A blood-typing test based on bioactive paper has enormous implications for use in the developing world and poor and remote regions.
Inspired by the magical Harry Potter diary that absorbs ink and prints its own letters, Monash University researchers Professor Wei Shen and Professor Gil Garnier have invented a paper-based test that spells out a person’s blood type … in blood.
The test uses bioactive paper, which can be stored in a variety of conditions, maintains its efficacy for months, and can be manufactured easily and cheaply. The results can be interpreted by someone without medical knowledge or skills.
By comparison, traditional blood-type tests require complex and expensive laboratory equipment, careful refrigeration of antibody reagents and someone with a university degree in pathology.
The key to this development being put into practice is the need for it to be as accurate as current blood-typing methods. So far, in more than 1000 comparisons between the paper-based and conventional assays, there has not been a single disagreement.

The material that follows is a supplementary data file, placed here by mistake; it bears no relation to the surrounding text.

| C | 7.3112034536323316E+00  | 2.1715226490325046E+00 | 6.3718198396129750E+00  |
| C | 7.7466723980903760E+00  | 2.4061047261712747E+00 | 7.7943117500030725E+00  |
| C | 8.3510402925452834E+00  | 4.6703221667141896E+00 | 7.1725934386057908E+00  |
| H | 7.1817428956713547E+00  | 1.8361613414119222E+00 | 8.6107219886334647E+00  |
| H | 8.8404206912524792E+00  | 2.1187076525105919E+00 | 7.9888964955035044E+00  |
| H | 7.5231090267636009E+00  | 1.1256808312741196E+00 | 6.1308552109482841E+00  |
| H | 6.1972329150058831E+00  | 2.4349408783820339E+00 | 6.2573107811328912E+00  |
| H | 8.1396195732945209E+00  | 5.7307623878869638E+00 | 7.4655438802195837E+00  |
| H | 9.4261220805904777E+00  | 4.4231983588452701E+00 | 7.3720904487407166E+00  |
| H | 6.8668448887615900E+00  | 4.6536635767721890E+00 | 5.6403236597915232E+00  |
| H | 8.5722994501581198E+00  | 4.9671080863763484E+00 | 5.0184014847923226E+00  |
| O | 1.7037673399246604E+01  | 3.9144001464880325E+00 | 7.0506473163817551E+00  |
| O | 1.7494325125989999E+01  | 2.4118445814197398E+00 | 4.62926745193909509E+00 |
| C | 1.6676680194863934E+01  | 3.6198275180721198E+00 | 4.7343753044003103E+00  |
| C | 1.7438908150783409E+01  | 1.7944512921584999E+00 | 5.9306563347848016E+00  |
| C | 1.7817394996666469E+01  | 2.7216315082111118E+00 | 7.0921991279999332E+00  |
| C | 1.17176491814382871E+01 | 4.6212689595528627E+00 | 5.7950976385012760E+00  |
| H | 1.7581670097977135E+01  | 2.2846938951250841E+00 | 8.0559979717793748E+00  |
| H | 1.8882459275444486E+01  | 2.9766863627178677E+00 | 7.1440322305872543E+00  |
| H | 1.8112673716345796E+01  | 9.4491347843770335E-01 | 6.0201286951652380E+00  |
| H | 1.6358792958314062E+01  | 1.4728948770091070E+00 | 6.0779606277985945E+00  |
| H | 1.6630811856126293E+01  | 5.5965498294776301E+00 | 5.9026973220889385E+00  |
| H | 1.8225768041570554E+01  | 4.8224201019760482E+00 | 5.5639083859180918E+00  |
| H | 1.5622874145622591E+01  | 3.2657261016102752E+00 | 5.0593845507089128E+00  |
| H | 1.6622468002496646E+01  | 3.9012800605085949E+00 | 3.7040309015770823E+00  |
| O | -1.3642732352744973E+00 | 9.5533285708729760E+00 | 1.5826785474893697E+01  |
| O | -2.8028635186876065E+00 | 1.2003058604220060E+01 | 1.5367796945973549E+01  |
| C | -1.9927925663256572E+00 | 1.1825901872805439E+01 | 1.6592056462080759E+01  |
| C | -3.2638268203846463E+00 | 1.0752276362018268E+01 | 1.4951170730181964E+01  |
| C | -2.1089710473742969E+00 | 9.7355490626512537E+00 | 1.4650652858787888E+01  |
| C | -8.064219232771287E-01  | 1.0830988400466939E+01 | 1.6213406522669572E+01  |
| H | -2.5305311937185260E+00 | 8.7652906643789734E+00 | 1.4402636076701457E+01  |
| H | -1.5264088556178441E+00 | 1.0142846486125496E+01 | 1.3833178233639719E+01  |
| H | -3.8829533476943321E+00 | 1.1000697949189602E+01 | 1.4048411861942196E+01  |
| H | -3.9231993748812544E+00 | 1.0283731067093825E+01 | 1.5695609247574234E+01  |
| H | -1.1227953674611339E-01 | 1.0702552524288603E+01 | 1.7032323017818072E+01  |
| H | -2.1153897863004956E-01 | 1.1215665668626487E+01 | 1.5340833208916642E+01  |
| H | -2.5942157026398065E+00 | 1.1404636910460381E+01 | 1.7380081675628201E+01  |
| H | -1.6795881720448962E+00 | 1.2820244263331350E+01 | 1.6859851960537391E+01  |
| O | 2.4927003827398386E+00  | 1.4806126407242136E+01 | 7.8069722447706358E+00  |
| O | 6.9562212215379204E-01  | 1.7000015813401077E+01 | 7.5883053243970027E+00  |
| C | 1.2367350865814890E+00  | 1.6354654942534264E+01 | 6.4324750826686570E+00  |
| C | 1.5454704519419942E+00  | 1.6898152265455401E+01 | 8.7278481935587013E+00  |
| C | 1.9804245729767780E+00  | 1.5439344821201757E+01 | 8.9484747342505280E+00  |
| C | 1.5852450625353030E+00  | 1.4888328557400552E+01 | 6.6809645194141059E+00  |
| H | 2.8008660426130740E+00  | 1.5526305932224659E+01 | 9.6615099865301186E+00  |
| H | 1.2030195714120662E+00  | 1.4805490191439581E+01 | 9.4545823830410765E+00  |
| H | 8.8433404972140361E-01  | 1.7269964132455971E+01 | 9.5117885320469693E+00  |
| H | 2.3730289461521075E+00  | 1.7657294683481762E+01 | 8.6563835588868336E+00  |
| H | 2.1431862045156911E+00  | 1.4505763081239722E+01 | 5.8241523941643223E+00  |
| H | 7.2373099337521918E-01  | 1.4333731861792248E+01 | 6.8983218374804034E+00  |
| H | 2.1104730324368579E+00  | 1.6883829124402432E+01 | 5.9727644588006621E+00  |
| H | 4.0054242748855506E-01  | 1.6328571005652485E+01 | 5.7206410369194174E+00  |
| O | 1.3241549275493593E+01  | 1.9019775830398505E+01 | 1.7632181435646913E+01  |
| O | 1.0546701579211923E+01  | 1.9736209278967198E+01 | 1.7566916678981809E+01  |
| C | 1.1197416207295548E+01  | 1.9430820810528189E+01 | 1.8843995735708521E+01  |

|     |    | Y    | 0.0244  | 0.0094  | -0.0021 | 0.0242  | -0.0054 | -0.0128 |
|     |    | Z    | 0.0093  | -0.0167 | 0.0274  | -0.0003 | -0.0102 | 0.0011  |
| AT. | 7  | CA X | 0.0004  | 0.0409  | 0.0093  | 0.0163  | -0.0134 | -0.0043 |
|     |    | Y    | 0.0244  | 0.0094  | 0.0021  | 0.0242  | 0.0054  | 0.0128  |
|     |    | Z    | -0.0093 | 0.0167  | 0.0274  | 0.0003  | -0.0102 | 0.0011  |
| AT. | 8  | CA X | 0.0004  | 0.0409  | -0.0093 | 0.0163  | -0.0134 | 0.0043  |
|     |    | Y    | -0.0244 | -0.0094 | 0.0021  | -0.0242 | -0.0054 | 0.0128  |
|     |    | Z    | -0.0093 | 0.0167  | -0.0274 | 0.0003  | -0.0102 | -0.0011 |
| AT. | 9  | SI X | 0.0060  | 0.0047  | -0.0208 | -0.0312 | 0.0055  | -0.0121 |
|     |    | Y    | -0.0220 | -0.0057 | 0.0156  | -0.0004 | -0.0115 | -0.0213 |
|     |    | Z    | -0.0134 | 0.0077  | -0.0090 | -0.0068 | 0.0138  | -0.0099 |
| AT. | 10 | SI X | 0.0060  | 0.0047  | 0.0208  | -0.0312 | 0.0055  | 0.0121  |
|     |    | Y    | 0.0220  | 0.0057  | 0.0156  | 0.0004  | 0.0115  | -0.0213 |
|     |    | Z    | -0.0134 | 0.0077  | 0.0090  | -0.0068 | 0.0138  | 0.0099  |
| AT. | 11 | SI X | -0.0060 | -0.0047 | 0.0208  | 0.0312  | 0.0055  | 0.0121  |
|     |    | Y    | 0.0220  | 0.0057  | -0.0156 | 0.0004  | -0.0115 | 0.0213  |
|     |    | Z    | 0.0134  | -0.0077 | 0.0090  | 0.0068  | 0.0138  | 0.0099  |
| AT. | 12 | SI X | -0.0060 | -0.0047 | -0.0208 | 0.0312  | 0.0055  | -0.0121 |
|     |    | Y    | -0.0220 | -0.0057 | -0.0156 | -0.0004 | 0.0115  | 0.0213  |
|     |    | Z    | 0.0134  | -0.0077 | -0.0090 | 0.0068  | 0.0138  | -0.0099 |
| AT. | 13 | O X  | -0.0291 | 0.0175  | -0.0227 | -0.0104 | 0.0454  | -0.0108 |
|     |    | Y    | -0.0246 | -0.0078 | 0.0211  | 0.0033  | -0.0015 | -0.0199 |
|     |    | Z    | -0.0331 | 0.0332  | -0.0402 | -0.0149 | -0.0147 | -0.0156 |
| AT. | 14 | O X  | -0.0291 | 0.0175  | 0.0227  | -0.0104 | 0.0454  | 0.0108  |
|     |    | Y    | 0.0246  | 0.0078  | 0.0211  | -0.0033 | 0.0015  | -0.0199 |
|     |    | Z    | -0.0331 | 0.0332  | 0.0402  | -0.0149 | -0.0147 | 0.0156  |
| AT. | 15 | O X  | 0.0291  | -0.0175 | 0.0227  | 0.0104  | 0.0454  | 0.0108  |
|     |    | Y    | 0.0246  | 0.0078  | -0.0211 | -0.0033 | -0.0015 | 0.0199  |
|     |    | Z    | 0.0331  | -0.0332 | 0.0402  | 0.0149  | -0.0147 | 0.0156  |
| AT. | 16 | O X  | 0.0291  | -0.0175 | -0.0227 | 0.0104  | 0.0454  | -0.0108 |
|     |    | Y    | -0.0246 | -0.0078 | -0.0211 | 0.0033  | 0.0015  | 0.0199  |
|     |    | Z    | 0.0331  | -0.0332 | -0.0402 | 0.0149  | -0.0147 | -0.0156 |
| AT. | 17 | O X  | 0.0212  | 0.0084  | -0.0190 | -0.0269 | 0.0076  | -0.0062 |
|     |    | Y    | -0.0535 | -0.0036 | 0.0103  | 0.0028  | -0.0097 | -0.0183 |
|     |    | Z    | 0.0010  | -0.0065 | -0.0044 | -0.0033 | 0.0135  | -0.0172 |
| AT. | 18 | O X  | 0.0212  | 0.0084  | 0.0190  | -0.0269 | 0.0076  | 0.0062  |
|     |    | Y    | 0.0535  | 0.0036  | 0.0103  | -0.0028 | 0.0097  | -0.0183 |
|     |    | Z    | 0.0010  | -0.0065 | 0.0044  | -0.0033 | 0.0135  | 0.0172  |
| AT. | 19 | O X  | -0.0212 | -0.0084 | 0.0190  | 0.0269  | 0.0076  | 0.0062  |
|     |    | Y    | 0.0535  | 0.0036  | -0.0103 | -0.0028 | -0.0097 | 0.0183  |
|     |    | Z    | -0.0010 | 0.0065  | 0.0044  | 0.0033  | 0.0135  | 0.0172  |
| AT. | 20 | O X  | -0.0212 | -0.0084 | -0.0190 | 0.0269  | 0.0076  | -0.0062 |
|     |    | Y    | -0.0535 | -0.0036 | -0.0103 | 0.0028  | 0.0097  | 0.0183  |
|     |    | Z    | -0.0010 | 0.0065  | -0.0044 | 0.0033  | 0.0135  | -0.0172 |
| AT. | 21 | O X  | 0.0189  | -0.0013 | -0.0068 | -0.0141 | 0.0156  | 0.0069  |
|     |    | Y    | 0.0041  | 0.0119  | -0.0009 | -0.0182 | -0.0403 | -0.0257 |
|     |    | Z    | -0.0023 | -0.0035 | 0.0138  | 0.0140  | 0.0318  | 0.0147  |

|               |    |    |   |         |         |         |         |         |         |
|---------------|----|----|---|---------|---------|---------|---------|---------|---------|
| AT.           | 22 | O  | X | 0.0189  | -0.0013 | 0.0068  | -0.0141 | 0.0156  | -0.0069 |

“We have to provide the same safety and that’s what the invention has done; we have the same efficacy as modern technology,” Professor Garnier said.
The test works by having text and symbols to represent A, B and O blood types as well as Rhesus factor printed on the paper using special inks laden with the relevant antibodies for each blood type. A drop of blood is placed on each symbol, and the paper is washed with a saline solution. If the blood type is A, for example, it will interact with the antibody printed in that letter, causing it to coagulate and give an unambiguous report of the blood type.
“If this blood is specific to that antibody then the drop stays where it is and if it’s not specific, it will wash away,” said Professor Garnier, a chemical engineer at Monash and director of the Australian Pulp and Paper Institute.
The result can then be easily interpreted according to which letter or letters remain highlighted in red. This seemingly magical technology comes down to relatively simple science that uses the porous structure of the paper, said Professor Shen, also a chemical engineer at Monash.
“When blood cells coagulate, their size increases and they get locked into the fibre structure, whereas in a negative test the cells can be flushed away by a saline solution,” Professor Shen said.
Read more about the work by Professor Gil Garnier and Professor Wei Shen in Blood lines spelled out in the October issue of Monash magazine.